Part 1: Why HVAC Performance Gets Worse Over Time
Why HVAC Performance Gets Worse Over Time
By David P. Callan and Kyle Hendricks January 2013 - HVAC
It's sad but true. HVAC performance gets worse over time in almost all buildings.
HVAC systems in mid- to large-sized commercial buildings have increased in complexity steadily over the last 15 years. With the introduction of DDC controls and other building automation functions, even the most straightforward VAV systems are a compilation of components from multiple manufacturers, built by multiple contractors, that must be programmed and sequenced to work together seamlessly as intended.
Amazingly, this happens successfully every day. And, with few exceptions, these systems integrate well. Considering the ultimate objective for HVAC systems — keeping building occupants safe, healthy and comfortable, while using the least amount of energy — it is no wonder HVAC has become so complex.
Beginning in 2013, as states adopt the 2012 International Energy Conservation Code (IECC), the complexity of HVAC systems will increase yet again. In many cases, and depending on the application, new buildings and major renovations will be required to be designed and built with new technologies including demand-controlled ventilation, energy-recovery ventilation, daylight-harvesting controls, and economizer cycles for even small comfort cooling applications. Add to this the fact that manufacturers have advanced the science of fault detection software and optimized control algorithms for each major HVAC system component, and facility managers might feel as though they stepped into a science fiction TV show.
Fortunately, the IECC authors had the foresight to mandate that elements of HVAC system commissioning be performed for new installations with capacities greater than or equal to 40-tons cooling and 600,000 Btu/h heating. After all, these high-tech energy-conserving components and software will not perform unless they are installed properly and operated efficiently.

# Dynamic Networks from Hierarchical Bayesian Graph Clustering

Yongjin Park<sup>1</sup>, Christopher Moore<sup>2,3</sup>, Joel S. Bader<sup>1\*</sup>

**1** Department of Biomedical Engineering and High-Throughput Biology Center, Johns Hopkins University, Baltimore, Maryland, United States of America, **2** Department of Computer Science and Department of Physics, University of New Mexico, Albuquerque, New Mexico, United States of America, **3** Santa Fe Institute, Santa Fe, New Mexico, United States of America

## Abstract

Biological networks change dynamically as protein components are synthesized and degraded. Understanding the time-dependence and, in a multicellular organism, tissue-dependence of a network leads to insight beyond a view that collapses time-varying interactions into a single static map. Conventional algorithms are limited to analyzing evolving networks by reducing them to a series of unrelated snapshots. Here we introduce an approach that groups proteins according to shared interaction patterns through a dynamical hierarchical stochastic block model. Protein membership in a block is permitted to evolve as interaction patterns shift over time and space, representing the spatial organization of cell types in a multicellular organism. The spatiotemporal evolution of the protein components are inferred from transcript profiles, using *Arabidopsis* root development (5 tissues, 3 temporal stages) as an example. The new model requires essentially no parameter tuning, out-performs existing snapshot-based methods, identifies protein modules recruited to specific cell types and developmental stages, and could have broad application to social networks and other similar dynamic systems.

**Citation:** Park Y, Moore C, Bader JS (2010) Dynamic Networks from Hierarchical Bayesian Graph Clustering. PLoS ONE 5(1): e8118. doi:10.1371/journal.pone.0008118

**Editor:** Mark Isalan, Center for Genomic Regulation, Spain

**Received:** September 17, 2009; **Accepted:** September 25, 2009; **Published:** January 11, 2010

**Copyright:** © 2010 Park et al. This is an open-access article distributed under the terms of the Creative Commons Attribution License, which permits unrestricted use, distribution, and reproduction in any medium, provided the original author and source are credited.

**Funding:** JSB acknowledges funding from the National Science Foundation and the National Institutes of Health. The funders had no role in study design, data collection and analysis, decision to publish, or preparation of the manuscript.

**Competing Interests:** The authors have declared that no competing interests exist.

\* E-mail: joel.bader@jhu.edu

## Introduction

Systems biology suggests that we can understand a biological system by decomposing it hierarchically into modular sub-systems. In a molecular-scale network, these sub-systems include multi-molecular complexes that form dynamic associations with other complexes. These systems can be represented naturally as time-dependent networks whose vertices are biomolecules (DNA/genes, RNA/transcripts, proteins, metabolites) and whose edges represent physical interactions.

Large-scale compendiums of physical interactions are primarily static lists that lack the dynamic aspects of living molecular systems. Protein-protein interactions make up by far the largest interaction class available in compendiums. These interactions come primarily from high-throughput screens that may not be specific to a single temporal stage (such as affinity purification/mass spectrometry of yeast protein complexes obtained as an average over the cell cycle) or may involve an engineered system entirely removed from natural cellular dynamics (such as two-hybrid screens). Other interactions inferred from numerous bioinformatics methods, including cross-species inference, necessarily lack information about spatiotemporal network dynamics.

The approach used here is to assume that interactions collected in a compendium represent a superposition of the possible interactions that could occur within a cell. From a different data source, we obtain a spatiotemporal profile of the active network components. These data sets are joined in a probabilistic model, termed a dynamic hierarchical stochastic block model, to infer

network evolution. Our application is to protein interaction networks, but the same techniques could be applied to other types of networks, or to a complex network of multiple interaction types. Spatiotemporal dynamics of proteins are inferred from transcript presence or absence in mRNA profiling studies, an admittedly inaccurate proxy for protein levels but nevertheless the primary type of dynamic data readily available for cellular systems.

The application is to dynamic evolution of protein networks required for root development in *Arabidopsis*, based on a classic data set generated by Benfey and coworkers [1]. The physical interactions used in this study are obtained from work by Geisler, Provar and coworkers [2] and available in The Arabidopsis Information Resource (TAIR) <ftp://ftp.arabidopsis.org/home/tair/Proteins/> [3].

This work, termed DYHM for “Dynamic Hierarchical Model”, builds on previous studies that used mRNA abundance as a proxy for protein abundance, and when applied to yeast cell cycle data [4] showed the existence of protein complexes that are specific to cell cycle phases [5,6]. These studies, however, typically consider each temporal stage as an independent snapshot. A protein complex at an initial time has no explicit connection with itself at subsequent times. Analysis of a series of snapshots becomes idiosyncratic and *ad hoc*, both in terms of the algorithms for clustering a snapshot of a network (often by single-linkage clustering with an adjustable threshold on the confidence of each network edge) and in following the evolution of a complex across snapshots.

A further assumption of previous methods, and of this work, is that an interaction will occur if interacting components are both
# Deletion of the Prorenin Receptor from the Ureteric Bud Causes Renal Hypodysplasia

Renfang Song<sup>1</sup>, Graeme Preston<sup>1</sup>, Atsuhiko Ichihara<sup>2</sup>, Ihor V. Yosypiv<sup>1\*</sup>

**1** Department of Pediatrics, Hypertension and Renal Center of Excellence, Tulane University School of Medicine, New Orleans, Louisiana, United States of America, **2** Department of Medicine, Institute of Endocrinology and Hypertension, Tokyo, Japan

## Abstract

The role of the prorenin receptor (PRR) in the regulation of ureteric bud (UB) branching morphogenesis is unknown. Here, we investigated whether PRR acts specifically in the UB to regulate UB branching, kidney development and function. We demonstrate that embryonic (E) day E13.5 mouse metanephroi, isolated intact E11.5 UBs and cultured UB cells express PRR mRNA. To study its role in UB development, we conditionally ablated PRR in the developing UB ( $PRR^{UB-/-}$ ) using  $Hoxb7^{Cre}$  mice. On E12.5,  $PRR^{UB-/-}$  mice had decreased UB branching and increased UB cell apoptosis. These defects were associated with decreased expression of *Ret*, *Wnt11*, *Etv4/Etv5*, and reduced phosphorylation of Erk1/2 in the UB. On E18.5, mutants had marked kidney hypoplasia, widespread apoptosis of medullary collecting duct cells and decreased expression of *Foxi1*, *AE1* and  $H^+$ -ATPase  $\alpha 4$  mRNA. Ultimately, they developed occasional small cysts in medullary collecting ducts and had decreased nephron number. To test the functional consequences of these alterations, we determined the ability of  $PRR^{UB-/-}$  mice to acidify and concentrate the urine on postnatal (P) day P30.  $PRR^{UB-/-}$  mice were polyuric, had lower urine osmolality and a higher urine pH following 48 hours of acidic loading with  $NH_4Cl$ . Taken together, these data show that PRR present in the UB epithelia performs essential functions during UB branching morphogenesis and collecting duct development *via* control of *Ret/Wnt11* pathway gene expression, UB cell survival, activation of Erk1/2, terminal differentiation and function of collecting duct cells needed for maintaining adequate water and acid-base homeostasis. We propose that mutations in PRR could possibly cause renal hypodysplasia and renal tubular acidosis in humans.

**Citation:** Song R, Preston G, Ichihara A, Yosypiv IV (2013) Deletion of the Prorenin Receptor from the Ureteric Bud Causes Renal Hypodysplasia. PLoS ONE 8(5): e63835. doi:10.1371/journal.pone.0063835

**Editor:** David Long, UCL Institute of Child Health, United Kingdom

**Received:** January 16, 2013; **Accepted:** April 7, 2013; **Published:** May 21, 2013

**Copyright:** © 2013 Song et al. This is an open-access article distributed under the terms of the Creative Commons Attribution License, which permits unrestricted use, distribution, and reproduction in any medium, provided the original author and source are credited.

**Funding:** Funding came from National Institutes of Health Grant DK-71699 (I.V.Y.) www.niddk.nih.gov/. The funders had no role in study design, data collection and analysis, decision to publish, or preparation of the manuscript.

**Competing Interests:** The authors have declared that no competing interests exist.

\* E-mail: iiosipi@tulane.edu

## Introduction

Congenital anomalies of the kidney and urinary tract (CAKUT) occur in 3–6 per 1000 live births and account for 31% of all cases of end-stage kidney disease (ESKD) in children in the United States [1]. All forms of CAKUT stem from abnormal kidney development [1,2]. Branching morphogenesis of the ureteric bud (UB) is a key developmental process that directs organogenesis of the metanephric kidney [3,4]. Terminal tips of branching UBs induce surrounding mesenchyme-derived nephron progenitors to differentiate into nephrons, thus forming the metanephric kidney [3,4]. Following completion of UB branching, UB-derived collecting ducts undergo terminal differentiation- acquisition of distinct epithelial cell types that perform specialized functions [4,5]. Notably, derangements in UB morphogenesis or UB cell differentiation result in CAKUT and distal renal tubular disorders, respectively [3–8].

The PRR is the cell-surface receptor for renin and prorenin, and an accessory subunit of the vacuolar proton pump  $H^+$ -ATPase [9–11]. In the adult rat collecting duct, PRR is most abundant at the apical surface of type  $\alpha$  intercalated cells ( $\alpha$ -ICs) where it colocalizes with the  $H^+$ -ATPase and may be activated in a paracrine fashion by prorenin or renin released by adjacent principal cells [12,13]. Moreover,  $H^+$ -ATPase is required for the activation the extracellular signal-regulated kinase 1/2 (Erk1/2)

But what happens when the engineers leave and move onto the next project? Simple: Things start to "drift."
Over time, building performance drifts out of tolerance from the original design intent. When occupancy changes, equipment wears, and temporary setpoint adjustments aren't restored, a building will perform very differently than it did at move-in. For these reasons, even a fairly new building that was commissioned and aligned with design intent before occupancy may not be meeting its owner's operational expectations.
LEED certified facilities are no exception. While LEED certified buildings are known for better energy usage intensity than the national average, a 2008 study by the New Buildings Institute says the first generation of LEED buildings isn't quite performing as it should be.
Why Things Go Wrong
There are a few simple explanations for drift. First, the complex controls used in new installations are reliant on sensors. Sensor technology has improved in the last five years; however, these devices still require periodic recalibration and replacement. Secondly, people, both occupants and operators, are not machines. People have minds of their own and are not inclined to mold themselves into the prescribed behavior dictated in the design conditions and sequences of operation. We say that "passive buildings require active occupants" to achieve outstanding performance. But, in most commercial buildings, the opposite logic is employed. Occupants and facility managers alike want buildings to actively control themselves, so that occupants can go about their business with little or no attention paid to the building systems.
Even when the components are complex, the HVAC system control logic should not be. If facility staff, in response to a building occupant complaint or a change in tenancy, cannot quickly find a simple or temporary adjustment to the system, they will be forced to override the controls and deviate from the intended, and presumably optimal, sequence of operations.
Some of the problems that routinely occur include: permanent temperature resets that may result in simultaneous heating and cooling or poor refrigeration performance, system static pressure increases to overcome isolated air distribution issues, automatic start/stop overrides, manual locking of outside air dampers, disabling energy conservation control features, non-functioning sensors, previously unknown control device and valve failure and improper installation of components.